And Merry Christmas Everyone!
1 'Let England Shake' by P.J.Harvey
No surprises here: I think this has been the album of the year for every reviewer in the UK. It is a magnificent record, and gets better with every listen. Polly Harvey has matured into an extraordinary talent, and this album which explores the twin themes of War and Englishness (and usually both) is testament to that.
2 'Superheavy' by Superheavy
This is where I can feel the brickbats winging their way through cyberspace towards me. A supergroup consisting of Mick Jagger, Joss Stone, him out of The Eurythmics, Bob Marley's son, and an Indian film music composer. Horrible, right? Nope. It is a bloody good record, and despite myself I have found myself listening to it more than most new albums from 2011. It is exactly what you would expect, only it works. And unlike most superstar collaborations, everyone gives everyone else space, and behaves in a surprisingly modest manner. Well done guys!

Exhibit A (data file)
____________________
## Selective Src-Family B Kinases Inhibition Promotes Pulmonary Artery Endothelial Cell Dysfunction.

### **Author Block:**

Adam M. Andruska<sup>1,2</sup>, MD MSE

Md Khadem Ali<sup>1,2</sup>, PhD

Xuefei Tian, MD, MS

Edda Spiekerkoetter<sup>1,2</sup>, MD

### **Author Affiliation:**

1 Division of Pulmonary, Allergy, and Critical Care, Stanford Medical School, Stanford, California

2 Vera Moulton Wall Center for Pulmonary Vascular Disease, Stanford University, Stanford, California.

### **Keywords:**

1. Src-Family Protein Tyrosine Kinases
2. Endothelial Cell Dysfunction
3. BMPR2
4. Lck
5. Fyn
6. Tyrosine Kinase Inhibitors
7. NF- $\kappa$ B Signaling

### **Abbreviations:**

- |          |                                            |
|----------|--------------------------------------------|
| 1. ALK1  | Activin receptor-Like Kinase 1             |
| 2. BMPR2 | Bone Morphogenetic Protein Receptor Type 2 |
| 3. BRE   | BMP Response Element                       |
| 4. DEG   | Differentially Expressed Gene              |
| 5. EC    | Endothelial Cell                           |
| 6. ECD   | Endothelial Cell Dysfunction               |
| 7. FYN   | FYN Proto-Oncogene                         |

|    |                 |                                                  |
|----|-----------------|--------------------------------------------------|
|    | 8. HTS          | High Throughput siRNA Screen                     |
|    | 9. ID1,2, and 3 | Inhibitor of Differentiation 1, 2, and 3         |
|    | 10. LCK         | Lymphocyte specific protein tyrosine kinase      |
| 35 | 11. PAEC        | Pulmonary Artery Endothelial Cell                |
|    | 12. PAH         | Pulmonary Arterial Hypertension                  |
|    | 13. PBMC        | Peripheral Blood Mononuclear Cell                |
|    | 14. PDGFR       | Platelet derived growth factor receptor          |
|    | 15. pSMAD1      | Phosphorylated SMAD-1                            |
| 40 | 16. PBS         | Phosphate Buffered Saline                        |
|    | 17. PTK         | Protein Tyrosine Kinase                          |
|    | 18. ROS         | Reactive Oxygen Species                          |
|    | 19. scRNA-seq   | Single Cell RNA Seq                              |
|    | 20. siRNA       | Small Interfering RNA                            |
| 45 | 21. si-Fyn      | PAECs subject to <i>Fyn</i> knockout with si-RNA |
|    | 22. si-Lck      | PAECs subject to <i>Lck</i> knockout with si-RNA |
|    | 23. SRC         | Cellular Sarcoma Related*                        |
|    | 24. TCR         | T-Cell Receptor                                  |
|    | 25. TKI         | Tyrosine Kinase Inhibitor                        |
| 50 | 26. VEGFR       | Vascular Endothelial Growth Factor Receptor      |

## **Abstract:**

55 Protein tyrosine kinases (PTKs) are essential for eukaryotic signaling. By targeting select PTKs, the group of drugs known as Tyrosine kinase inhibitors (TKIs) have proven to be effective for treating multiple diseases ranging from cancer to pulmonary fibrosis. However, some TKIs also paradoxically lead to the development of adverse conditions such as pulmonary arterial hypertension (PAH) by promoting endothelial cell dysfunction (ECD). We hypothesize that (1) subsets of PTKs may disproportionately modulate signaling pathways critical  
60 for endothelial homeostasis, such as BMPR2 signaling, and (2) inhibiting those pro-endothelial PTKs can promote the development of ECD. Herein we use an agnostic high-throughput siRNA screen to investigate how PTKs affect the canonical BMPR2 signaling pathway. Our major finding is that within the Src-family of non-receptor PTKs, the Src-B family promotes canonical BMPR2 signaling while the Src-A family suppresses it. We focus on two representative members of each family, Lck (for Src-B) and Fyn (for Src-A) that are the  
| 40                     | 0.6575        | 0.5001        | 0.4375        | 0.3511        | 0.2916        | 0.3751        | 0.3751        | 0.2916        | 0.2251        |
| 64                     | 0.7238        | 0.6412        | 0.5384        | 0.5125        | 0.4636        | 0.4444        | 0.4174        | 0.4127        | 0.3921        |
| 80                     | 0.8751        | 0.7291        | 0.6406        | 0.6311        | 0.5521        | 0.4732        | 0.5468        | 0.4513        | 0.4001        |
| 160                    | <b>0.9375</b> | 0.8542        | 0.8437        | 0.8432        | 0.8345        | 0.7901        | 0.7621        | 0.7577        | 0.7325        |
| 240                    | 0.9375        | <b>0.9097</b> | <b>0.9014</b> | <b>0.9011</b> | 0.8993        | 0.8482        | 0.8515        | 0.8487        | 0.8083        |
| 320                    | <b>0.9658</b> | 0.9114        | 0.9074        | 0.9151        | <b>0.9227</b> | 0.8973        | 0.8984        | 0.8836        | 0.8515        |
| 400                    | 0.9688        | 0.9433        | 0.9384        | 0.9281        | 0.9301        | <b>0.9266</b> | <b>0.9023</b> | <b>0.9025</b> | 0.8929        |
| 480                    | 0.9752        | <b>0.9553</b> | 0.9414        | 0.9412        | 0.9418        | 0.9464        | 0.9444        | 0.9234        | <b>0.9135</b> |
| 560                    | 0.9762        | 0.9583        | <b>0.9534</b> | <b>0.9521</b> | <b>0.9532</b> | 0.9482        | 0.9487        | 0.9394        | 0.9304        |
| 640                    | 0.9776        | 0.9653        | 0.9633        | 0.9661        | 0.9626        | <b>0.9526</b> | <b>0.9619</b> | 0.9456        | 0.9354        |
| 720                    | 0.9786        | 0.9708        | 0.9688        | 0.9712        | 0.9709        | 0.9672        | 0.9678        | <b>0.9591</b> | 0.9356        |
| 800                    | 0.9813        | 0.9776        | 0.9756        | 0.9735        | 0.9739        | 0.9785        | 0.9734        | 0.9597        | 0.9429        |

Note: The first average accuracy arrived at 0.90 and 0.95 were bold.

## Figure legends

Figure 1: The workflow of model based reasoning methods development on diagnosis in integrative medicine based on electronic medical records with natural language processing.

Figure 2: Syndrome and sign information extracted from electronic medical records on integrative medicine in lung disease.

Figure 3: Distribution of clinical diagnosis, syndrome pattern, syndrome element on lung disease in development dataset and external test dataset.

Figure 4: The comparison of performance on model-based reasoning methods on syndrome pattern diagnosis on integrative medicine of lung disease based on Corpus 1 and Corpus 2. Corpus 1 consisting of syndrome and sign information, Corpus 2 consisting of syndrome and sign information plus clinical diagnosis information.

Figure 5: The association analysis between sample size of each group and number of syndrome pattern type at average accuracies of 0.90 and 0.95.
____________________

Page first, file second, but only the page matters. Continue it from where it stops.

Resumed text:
3 'Valhalla Dancehall' by British Sea Power
I have been a fan of this lot ever since John Hare played me their first album about seven years ago. They reconstruct the indie guitar-band ethic into something new and challenging, but at the same time familiar and listenable. This album breaks no new ground for them, but the old ground still has plenty of life in it, and the melodies - indeed the whole songs - are HUGE. The drumming is particularly satisfying here, and the vocals are mildly reminiscent of Richard Hell back in the day, but that is no bad thing. As always these songs are cinematic, but this time they are on a wide screen.
4 'An appointment with Mr Yeats' by The Waterboys
An immensely satisfying album which has been twenty years in the planning stage. Mike Scott took 20 W.B.Yeats poems and set them to music. He then toured the show for a year before releasing the album which is - by the way - excellent. I have always been fond of Mike Scott; he is one of the more fortean singers/songwriters to have come out of the broad New Wave melange, with songs about Pan, Findhorn and crop circles. If you are not a devotee, this album is probably your chance to become one